...Eastern Germany, Northern Denmark, Alpine region...
As front progresses eastwards during the night hours, instability will diminish and become likely elevated but a slight chance for severe weather will still exist, especially as strong low level wind field will remain immediately behind the cold front.
To the south, isolated to scattered convection might form over Alpine region during the day and in moderate wind shear and instability, isolated large hail or isolated event of excessive precipitation is not ruled out.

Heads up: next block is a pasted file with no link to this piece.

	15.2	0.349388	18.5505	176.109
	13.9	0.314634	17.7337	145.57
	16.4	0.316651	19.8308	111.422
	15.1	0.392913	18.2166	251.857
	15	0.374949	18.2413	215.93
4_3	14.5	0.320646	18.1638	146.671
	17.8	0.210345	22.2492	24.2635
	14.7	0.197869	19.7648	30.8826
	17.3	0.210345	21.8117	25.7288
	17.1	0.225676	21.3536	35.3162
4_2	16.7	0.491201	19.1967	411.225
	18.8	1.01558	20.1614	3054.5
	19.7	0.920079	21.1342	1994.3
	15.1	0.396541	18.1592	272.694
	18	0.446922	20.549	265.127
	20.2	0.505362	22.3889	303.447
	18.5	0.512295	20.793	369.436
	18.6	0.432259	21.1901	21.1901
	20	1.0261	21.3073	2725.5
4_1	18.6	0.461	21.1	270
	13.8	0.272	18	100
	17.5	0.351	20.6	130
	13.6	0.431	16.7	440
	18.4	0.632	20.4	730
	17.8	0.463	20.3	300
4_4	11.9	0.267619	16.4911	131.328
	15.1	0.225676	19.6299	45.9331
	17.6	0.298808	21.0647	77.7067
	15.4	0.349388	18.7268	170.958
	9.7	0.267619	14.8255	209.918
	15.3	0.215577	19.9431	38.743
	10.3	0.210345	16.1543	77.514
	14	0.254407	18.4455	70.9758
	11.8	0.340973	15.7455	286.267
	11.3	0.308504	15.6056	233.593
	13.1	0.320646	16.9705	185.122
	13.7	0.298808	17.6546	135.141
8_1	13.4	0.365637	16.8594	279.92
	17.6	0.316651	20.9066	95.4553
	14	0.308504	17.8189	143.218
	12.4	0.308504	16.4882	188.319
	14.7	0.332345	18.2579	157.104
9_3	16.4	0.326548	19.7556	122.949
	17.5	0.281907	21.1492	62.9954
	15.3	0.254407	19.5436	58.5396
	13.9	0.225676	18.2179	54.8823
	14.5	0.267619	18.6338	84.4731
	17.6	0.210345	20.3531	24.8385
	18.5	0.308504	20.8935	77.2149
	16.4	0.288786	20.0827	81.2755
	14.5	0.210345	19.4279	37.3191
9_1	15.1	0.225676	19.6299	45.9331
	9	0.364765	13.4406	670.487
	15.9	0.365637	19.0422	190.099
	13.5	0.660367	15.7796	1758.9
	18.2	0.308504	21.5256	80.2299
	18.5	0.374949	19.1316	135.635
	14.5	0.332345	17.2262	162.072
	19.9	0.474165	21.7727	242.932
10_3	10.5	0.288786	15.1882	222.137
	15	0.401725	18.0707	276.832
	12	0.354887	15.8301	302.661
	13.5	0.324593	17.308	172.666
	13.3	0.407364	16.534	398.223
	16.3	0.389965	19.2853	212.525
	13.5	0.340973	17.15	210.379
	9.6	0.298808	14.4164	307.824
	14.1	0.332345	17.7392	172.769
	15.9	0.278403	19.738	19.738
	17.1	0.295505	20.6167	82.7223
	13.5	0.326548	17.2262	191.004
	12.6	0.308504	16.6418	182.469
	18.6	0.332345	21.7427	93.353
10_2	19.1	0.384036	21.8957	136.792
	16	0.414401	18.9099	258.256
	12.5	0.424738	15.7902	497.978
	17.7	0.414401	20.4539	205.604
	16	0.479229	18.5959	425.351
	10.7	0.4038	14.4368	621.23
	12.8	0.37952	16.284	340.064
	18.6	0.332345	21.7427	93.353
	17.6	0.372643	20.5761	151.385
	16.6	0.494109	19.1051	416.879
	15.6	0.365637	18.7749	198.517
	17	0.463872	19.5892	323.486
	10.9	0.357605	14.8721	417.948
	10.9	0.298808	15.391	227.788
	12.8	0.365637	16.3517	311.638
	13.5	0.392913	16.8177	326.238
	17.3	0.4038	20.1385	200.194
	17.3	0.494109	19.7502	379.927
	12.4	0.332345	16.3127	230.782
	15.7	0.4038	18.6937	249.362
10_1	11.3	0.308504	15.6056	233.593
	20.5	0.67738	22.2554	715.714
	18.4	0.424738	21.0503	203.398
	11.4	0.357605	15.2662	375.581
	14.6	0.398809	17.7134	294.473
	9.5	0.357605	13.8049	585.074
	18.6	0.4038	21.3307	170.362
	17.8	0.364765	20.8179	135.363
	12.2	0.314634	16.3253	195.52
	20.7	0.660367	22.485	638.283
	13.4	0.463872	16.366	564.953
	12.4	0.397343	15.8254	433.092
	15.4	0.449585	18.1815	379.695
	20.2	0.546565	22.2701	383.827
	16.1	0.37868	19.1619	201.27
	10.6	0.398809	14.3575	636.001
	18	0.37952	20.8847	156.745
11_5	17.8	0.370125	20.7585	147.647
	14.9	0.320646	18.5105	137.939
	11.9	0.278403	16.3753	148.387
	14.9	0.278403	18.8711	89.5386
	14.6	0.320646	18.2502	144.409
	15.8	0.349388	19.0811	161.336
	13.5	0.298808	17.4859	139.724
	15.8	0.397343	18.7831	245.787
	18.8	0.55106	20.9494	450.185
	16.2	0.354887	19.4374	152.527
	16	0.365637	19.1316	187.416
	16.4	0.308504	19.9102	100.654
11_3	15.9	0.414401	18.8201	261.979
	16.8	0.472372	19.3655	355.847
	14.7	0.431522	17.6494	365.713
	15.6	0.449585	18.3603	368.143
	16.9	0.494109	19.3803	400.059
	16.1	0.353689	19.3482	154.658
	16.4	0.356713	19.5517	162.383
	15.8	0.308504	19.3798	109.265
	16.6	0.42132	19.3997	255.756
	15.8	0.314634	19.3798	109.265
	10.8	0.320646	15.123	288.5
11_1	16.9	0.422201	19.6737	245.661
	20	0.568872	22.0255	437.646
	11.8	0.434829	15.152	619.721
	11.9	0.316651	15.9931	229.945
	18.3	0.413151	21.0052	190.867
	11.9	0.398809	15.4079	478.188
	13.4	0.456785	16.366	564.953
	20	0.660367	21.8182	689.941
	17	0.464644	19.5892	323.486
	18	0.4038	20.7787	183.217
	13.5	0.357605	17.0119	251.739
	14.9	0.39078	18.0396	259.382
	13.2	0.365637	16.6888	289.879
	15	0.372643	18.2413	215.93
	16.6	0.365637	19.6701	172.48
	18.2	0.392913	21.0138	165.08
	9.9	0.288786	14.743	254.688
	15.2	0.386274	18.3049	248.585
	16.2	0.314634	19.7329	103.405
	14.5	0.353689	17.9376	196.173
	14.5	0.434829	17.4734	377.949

Behind the cold front, polar maritime airmass will advect over the region with low LCLs. Diurnall heating will lead to the destabilisation and scattered showers or low topped thunderstorms are possible. In fresh westerly flow, moderate wind shear values, 15-20 m/s of DLS might sustain some well organised storms. Combined with strong shear at lower levels ( over 10 m/s of LLS) an isolated tornado can not be ruled out and a low-end Level 1 is introduced for this region.
... Eastern and Northeastern Scandinavia, Northwestern Russia...